Adult patients who score a “3” or lower on the Alvarado point-scale should not be considered at risk for appendicitis and are unlikely to benefit from additional CT testing, according to results of a study published in the March issue of the American Journal of Roegentology.
Patients who present with pain in the lower right quadrant are typically assessed using either graded-compression ultrasound or abdominal CT. In light of efforts to limit excessive imaging and thereby reduce patient exposure to radiation, many doctors have begun advocating for ultrasound as the first modality of choice for assessing these patients.
There’s just one problem with this proposed solution, according to lead author Robert Jones, MD, and his colleagues from the Stanford University School of Medicine. “A major shortcoming of ultrasound as the initial imaging study is its inability to detect the appendix in 12–69 percent of patients overall and in as many as 97.6 percent of patients with normal appendixes, thus providing no certain imaging information about the appendix in a considerable proportion of patients.” In these situations, results of the ultrasound are often considered inconclusive, and patients are referred for additional CT testing.
For this reason, doctors often determine the best course of treatment using patients’ Alvarado scores, which are calculated using “a combined clinical and laboratory point scale that quantifies the potential likelihood of appendicitis.” Patients who score a “3” or less on this scale are considered to be at low risk for appendicitis.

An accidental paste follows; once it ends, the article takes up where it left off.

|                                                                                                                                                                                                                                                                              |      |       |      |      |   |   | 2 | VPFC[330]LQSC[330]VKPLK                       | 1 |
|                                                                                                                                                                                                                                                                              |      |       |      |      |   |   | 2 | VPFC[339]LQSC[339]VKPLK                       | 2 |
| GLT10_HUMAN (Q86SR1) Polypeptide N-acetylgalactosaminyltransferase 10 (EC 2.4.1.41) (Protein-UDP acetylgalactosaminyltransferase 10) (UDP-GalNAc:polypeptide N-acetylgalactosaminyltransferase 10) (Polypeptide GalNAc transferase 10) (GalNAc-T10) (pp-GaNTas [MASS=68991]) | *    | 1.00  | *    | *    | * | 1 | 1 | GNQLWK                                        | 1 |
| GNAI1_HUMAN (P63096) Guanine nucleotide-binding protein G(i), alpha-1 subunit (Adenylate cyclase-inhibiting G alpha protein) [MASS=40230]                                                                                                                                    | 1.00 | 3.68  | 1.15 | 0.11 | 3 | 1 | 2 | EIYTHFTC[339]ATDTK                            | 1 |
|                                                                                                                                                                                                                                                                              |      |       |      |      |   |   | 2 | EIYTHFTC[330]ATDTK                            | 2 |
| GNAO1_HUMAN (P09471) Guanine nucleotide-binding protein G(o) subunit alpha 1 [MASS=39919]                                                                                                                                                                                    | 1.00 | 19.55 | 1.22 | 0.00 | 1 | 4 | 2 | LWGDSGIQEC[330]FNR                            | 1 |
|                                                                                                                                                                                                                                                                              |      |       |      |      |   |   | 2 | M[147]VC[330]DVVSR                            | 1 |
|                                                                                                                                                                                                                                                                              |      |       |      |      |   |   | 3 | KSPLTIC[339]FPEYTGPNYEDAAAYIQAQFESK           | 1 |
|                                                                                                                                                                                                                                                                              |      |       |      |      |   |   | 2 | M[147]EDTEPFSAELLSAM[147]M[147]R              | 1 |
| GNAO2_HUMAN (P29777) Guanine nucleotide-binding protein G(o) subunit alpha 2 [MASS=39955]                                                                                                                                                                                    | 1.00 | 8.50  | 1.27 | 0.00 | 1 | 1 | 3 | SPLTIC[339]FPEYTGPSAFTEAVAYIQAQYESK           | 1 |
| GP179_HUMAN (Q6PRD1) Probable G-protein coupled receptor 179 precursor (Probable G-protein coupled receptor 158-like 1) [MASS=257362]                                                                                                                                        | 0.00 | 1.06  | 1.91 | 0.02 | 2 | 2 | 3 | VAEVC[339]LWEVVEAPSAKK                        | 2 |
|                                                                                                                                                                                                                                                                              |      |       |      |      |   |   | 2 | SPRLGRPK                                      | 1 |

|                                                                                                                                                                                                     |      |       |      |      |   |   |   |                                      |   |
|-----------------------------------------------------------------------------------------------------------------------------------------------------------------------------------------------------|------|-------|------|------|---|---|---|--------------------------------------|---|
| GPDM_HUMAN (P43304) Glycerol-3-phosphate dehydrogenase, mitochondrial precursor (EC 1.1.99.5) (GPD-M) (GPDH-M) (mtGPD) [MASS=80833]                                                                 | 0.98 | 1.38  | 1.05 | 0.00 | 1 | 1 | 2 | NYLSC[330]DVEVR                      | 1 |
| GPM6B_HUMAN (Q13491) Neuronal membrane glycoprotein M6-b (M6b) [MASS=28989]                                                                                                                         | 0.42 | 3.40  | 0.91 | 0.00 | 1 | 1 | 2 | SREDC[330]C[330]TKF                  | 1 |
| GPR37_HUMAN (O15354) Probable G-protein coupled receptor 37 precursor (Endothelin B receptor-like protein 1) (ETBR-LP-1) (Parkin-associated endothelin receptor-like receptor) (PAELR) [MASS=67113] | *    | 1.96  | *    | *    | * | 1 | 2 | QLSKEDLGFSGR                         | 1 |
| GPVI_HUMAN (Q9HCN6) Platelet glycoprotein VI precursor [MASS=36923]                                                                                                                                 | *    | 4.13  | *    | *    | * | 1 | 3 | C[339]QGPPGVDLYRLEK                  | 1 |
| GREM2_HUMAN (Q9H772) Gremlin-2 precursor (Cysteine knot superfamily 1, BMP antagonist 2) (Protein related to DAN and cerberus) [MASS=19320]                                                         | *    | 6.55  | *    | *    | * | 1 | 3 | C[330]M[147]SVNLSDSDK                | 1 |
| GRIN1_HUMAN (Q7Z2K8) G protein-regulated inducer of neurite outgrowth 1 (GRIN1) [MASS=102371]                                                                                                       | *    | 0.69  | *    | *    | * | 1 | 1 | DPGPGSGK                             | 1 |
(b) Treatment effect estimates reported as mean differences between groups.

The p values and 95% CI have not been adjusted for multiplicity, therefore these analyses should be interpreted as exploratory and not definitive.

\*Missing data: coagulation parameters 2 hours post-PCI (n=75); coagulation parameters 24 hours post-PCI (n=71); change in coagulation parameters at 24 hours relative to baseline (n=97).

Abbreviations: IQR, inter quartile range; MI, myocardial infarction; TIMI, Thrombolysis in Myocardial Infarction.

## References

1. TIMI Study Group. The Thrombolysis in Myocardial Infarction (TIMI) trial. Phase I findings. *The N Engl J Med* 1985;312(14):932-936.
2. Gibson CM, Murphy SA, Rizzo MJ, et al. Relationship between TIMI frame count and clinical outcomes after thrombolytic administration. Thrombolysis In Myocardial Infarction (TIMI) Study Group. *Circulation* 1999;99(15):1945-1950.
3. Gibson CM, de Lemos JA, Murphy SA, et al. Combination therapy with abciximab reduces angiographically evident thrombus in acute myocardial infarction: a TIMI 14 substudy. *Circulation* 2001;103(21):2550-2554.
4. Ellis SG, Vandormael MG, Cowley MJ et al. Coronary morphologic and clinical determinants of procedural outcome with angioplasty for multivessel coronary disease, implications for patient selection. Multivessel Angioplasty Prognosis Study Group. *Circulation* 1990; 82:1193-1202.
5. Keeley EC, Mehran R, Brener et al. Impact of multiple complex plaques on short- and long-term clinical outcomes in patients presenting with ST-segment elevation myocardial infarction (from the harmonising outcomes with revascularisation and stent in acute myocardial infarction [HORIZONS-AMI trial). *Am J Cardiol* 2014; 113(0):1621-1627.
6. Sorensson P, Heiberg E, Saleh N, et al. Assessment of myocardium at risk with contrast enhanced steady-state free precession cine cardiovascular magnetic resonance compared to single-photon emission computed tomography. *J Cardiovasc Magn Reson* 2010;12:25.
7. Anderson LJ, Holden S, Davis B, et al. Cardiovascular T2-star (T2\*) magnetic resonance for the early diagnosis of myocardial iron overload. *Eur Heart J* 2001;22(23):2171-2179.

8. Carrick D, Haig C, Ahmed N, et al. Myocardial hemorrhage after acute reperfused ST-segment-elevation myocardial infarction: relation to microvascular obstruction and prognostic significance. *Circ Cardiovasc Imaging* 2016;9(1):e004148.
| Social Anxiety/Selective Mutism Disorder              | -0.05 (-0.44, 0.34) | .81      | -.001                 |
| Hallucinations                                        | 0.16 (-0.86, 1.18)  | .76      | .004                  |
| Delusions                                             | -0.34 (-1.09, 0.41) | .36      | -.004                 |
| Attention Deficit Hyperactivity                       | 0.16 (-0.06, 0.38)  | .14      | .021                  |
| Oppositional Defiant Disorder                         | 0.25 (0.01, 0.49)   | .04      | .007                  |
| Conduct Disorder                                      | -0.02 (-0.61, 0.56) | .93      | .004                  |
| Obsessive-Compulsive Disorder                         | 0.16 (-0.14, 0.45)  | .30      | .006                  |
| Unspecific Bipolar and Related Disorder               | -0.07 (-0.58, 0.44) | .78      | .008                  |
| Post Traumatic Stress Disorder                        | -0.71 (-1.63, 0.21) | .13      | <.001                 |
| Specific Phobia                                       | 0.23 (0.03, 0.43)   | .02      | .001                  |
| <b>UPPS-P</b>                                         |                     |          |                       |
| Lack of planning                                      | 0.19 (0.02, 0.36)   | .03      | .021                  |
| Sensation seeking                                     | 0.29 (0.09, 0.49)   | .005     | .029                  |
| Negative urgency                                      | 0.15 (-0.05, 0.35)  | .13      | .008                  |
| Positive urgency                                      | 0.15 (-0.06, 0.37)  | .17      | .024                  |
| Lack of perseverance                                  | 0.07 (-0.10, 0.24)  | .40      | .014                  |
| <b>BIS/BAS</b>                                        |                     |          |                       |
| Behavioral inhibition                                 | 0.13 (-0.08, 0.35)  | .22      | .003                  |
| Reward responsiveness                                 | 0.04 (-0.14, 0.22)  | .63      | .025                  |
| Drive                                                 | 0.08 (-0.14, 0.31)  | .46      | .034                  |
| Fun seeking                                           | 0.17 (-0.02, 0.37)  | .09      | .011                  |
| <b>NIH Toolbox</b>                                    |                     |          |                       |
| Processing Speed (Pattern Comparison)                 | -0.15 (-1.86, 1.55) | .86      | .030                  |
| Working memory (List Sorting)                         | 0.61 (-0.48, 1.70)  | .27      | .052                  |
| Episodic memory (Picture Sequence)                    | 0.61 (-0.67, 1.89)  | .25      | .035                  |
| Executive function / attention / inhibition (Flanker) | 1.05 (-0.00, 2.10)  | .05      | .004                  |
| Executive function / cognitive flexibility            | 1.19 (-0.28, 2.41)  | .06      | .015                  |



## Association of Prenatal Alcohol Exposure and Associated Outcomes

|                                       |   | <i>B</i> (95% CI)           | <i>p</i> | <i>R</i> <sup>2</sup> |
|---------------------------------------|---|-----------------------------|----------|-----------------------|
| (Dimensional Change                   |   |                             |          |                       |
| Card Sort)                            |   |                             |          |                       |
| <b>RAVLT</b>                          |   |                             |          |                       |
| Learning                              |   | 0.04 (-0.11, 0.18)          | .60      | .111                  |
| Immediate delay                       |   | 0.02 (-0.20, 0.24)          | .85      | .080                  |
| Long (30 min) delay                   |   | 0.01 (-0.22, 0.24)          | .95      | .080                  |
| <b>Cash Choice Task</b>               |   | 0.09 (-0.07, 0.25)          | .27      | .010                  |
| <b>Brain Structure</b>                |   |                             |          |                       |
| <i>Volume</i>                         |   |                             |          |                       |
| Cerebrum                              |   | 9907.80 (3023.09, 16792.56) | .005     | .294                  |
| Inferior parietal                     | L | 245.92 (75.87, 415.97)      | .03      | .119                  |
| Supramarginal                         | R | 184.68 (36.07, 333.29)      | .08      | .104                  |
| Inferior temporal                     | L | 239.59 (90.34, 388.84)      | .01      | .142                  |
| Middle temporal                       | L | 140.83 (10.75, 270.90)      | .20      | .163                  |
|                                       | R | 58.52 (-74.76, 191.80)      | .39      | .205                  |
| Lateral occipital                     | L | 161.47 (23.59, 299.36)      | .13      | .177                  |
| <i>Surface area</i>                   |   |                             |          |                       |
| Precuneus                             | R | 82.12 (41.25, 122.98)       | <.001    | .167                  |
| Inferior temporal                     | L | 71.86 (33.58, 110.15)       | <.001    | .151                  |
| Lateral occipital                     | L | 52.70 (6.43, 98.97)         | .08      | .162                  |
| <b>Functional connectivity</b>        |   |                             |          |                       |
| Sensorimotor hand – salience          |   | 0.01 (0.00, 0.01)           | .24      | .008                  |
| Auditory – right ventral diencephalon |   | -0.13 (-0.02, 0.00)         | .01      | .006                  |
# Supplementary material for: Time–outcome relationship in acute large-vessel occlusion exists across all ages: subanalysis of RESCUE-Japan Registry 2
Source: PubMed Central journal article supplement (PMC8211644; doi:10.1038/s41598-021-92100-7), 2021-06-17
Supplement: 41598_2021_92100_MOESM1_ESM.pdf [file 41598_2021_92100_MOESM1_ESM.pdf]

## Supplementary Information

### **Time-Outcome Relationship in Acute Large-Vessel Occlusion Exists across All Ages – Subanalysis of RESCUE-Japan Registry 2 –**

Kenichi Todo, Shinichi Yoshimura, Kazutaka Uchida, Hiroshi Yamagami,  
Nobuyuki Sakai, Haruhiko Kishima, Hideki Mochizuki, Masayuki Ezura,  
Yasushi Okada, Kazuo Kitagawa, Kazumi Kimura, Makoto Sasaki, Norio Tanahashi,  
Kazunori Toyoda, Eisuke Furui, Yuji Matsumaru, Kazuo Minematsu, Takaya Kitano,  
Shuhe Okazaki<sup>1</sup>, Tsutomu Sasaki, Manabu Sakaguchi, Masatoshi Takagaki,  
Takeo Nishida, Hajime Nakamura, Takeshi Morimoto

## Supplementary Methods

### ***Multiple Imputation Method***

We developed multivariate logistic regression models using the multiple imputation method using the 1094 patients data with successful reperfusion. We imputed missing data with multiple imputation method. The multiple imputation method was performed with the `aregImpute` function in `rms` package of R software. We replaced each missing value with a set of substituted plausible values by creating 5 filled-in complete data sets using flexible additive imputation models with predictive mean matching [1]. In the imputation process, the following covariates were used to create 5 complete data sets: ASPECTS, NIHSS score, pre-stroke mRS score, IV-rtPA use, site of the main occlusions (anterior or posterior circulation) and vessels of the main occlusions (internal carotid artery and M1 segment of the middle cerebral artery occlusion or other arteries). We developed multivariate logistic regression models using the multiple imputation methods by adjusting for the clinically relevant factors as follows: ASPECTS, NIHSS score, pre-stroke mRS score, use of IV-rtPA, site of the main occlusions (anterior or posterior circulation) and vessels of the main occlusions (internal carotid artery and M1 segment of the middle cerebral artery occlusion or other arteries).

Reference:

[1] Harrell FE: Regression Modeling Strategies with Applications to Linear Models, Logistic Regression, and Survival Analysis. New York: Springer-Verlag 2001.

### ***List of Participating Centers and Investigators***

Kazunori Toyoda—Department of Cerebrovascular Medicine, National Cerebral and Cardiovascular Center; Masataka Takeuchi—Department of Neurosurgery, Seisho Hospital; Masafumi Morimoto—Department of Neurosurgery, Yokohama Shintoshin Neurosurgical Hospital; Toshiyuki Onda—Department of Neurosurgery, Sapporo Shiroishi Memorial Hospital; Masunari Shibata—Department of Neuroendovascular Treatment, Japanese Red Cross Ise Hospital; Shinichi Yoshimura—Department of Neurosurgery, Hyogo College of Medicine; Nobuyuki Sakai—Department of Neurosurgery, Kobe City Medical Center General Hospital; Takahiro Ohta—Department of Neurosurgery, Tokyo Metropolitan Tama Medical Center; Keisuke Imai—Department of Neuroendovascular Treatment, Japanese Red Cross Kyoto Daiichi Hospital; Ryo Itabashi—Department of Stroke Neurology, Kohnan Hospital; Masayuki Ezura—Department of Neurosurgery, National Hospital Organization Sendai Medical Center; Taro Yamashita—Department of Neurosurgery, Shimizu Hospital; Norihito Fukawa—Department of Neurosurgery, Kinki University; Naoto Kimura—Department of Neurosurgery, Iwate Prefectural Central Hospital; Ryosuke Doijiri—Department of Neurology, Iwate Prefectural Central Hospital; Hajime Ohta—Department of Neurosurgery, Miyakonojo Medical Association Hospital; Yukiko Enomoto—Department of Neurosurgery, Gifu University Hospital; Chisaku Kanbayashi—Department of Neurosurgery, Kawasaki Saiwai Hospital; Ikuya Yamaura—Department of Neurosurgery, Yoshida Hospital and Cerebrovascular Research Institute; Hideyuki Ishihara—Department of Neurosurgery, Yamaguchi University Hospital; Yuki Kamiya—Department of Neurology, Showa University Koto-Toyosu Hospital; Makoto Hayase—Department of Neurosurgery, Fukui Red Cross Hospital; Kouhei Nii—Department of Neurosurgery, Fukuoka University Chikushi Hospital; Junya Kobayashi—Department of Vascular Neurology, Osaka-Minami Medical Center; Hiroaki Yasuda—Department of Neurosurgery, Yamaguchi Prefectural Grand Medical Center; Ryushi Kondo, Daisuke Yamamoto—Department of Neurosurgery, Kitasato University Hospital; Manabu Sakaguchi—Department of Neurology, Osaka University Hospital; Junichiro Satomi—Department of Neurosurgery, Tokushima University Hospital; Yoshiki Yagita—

Jones and his team set out to test the hypothesis that patients whose appendixes were not visible on ultrasound and have an Alvarado score of 3 or less are unlikely to benefit from additional CT imaging. To do so, he and his team identified 119 consecutive patients from their medical facility who matched this criteria and underwent subsequent CT testing within 48 hours of the initial ultrasound study.
Their results showed that none (0/49) of the patients with Alvarado scores of “3” or less were found to have appendicitis following CT, compared with 17 percent (12/70) of patients with a ”4” on the Alvarado point scale. Additionally, 86 percent of those same patients (42/49) were found to have no alternative significant findings after undergoing CT testing, compared to just 59 percent (41/70) in the latter group of patients.
“An Alvarado score of 3 or lower reliably distinguished at a statistically significant level the patients who did not receive specific benefit from post-sonography CT from those patients who did,” wrote Jones et al, “supporting the original hypothesis that Alvarado scores of 3 or less would function in this fashion.”
While the researchers believe the Alvarado scoring system can greatly reduce scans for suspected appendicitis by pinpointing patients unlikely to benefit from additional CT testing, they caution against avoiding the modality entirely based on their findings.
“The proposed method does not suggest avoiding CT altogether but rather suggests using it in a deliberate fashion with knowledge of the small likelihood that it will reveal appendicitis or significant alternative findings,” Jones and his colleagues wrote. “If prospective studies corroborate the present findings, it may be possible to use the Alvarado score to avoid CT and its corresponding radiation burden in some of these clinically challenging patients.”